How to Deal with Frustration Aggression/Re-Directed Aggression

This post is part of the series Working with Aggressive Dogs

Other posts in this series:

  1. Monkey, 8 lbs of Aggression
  2. Types of Aggression in Dogs
  3. Fear Based Aggression in Dogs
How to Deal with Frustration Aggression/ Re-Directed Aggression
How to Deal with
Frustration Aggression/
Re-Directed Aggression

Just like humans, dogs sometimes get frustrated.  And just like humans, they sometimes lash out with aggression when they are frustrated.  Frustration aggression can present itself any time the dog wants to do something, and is being prevented or restrained from doing it.  And we all know that sometimes we have to prevent our dogs from doing things that they really want to do.  For their own good.

Frustration Aggression, or Re-directed Aggression

Unfortunately over time, a dog may learn to associate restraint with frustration. So even when the dog has nothing to be excited about, he can act out aggressively over just being restrained.  This is the reason why sometimes normally friendly dogs can become aggressive when leashed, or locked up in a crate or gate.

All dogs need to learn how to deal with feeling of frustration.  Since most of their time is spent in a human controlled world, they can get frustrated a lot.  So dealing with their frustration is a necessary skill for well mannered dogs.  It keeps them from behaving badly when they’re frustrated, and helps to eliminate the frustration aggression.

Frustration aggression can be directed at a human, another dog, or even an  inanimate object.  Such as a dog sees a squirrel out the window, so he tears up the curtains because he couldn’t get to it.  Or if the dog is being restrained by a leash, he may turn and bite his handler, or the leash itself.

Frustration is usually the reason dogs shred their beds, destroy crates, or even their toys.

Frustrations aggression is more common in energetic dogs with a need for lots of exercise.  It’s also more common in the more confident personality types of dogs.  The outgoing, confident and aggressive personalities, especially.

Dealing with Frustration Aggression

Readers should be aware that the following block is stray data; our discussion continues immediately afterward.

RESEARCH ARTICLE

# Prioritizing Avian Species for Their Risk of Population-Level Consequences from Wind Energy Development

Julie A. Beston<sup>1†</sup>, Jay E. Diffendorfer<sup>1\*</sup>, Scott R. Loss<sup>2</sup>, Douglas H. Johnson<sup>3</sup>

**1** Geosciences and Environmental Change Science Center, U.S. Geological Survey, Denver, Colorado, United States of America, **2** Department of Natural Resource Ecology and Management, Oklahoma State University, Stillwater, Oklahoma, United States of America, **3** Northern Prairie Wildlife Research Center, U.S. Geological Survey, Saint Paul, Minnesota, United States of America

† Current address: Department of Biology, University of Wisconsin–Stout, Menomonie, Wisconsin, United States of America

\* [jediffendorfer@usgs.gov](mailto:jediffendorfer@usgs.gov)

One of the first things to do to help your dog deal with his frustration is to make sure he’s getting enough exercise.  A tired dog is a good dog!  Lack of exercise is the number one reason for most bad doggy behaviors.

Basic obedience training is another must for a frustrated dog.  At the very least he should know the 10 Basic commands for a well mannered dog.  An untrained dog is the second leading cause of bad doggy behaviors.  Nothing in Life is Free, is a great way to get your dog started, and a great way to work on his manners continuously.

Make a list of all of the things your dog enjoys every day.  From least valuable to him, to most valuable.

Begin with the items at the top of the list.  The thing he gets the least excited about.  Ask him to wait quietly and patiently before giving it to him.  Such as, if he wants to go outside, make him wait calmly and patiently before you open the door.  Don’t open it until he settles down.  Don’t look at him or talk to him.  Just ignore him until he settles down.  If your dog already knows the Wait command, this is great practice for him.  And a lot easier on you.

Once he’s learned to wait patiently for his least favorite thing, move onto the next item on the list.  If it happens to be toys, try this.  Put him on a leash and put the toy just out of his reach.  Holding him in place, until he calms down and waits patiently.  Once he’s calm release him, and let him have the toy.

Keep working with him on each item in the list, until he learns to wait patiently for all of them.

By doing this, your dog will learn how to control his feeling of disappointment and frustration when he can’t do what he wants to do immediately.  Once he’s learned how to control his feelings, he’ll do better in other situations when he wants to do something other than what you want him to do.

Dealing with Re-directed Aggression

Dogs that redirect their aggression onto other things, be it human, animal, or objects tend to be very focused on whatever is triggering their excitement before the re-direction.  When they snap, they tend to go after anything that is close by, without really looking at it.  It’s usually a very quick bite, done in the heat of the moment, when their excitement is at it’s peak.

Lots of exercise, basic dog obedience commands, and the above method will help.

While working with the dog on these things, try to avoid situation that get your dog too excited.  Or use a muzzle when you know it’s going to happen.

Desensitization and counter-conditioning your dog to these situations may also help.

This post is part of the series Working with Aggressive Dogs

Other posts in this series:

  1. Monkey, 8 lbs of Aggression
  2. Types of Aggression in Dogs
  3. Fear Based Aggression in Dogs

Continue reading this series:

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